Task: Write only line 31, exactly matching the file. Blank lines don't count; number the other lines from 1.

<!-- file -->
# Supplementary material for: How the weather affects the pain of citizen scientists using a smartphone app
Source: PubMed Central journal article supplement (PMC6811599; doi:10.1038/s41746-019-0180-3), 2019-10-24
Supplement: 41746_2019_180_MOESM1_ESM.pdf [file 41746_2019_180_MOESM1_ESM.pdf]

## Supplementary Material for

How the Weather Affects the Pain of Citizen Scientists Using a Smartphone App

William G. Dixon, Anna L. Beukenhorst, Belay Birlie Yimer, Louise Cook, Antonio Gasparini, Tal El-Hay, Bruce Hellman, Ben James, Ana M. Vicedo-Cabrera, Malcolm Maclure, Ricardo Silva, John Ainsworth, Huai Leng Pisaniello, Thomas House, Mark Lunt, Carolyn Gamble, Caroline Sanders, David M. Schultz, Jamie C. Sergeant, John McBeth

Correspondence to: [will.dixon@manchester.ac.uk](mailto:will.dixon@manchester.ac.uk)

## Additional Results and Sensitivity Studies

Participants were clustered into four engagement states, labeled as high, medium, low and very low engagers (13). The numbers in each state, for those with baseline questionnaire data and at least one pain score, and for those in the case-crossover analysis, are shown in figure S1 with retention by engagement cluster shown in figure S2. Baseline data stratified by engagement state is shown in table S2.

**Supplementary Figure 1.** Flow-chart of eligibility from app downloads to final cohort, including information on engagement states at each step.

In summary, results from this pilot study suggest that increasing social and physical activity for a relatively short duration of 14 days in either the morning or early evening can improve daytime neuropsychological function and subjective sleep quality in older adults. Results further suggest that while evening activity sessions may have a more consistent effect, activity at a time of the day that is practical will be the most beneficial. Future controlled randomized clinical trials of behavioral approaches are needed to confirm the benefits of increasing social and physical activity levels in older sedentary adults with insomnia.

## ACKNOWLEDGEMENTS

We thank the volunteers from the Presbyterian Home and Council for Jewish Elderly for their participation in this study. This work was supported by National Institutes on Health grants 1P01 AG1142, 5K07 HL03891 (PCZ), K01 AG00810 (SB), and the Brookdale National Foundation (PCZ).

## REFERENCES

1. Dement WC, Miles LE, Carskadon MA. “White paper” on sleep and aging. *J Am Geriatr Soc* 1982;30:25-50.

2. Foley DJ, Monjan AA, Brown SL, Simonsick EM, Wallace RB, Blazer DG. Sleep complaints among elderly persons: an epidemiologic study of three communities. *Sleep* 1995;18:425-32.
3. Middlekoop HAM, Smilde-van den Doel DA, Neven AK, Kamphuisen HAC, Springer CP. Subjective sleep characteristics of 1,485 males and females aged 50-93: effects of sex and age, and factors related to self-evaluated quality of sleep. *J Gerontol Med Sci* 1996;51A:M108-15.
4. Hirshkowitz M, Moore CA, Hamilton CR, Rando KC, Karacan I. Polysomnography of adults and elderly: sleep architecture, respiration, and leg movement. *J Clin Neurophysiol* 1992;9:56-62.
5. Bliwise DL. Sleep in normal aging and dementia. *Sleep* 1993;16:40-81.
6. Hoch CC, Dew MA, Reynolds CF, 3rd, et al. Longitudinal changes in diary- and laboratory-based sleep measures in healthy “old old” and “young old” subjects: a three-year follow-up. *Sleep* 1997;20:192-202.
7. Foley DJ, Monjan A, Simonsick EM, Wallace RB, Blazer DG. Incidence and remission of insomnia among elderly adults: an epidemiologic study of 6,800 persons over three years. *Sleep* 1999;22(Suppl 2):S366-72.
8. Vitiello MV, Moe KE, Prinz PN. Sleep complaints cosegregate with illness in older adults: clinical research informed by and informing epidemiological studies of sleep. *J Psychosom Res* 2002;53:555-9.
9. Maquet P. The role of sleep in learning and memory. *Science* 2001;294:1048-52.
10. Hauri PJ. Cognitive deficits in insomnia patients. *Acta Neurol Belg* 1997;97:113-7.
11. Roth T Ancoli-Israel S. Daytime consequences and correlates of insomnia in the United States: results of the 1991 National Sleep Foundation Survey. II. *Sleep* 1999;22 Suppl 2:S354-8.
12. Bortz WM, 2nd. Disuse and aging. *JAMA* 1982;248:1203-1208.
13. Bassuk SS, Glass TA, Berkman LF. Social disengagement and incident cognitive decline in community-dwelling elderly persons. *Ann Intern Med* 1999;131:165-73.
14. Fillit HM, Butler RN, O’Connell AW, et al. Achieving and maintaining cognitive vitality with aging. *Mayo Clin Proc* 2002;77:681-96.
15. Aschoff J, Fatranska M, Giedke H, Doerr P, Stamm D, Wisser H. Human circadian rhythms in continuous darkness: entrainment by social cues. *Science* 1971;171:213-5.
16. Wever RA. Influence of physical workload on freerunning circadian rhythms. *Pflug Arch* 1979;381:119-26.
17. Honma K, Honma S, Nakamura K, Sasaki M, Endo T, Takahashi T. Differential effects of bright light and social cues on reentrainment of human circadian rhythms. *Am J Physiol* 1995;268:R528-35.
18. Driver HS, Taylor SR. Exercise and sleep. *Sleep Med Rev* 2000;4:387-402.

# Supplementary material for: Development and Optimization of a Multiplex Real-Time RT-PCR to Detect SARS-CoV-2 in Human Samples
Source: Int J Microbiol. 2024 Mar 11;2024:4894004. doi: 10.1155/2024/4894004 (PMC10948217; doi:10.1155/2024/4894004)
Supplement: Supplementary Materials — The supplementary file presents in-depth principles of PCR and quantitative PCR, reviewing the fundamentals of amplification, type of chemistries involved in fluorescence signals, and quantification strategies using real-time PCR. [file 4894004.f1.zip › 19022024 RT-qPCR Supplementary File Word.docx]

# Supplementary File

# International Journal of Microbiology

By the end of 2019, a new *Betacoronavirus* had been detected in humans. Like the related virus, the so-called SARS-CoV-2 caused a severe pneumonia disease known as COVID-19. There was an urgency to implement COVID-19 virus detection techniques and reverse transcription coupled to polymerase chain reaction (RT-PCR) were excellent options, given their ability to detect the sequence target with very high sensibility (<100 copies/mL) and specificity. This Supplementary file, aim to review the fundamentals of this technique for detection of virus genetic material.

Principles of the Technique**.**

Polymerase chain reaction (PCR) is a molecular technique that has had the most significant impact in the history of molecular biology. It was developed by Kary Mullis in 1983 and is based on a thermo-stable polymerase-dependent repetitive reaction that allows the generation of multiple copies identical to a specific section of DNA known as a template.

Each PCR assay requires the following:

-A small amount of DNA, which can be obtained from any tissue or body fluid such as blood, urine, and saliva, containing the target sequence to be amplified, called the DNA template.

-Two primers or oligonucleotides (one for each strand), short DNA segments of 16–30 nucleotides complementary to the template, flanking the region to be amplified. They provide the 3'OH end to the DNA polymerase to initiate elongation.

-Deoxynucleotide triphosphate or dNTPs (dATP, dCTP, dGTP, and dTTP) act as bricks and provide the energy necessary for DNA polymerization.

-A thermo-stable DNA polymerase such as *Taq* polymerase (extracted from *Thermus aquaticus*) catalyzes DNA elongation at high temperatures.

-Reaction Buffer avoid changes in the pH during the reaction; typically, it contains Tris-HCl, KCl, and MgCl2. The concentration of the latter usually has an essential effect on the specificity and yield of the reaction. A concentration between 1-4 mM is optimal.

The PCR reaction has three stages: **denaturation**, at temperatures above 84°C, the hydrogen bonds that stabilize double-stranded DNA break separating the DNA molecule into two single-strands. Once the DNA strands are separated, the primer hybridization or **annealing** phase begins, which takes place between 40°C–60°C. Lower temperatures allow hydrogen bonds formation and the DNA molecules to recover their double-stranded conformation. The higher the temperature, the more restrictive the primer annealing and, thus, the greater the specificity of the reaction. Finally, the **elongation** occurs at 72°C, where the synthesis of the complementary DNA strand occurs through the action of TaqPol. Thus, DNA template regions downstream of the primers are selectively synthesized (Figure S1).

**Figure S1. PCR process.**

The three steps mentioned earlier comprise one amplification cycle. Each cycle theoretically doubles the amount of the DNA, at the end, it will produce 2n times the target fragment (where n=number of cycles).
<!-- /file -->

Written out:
17. Honma K, Honma S, Nakamura K, Sasaki M, Endo T, Takahashi T. Differential effects of bright light and social cues on reentrainment of human circadian rhythms. *Am J Physiol* 1995;268:R528-35.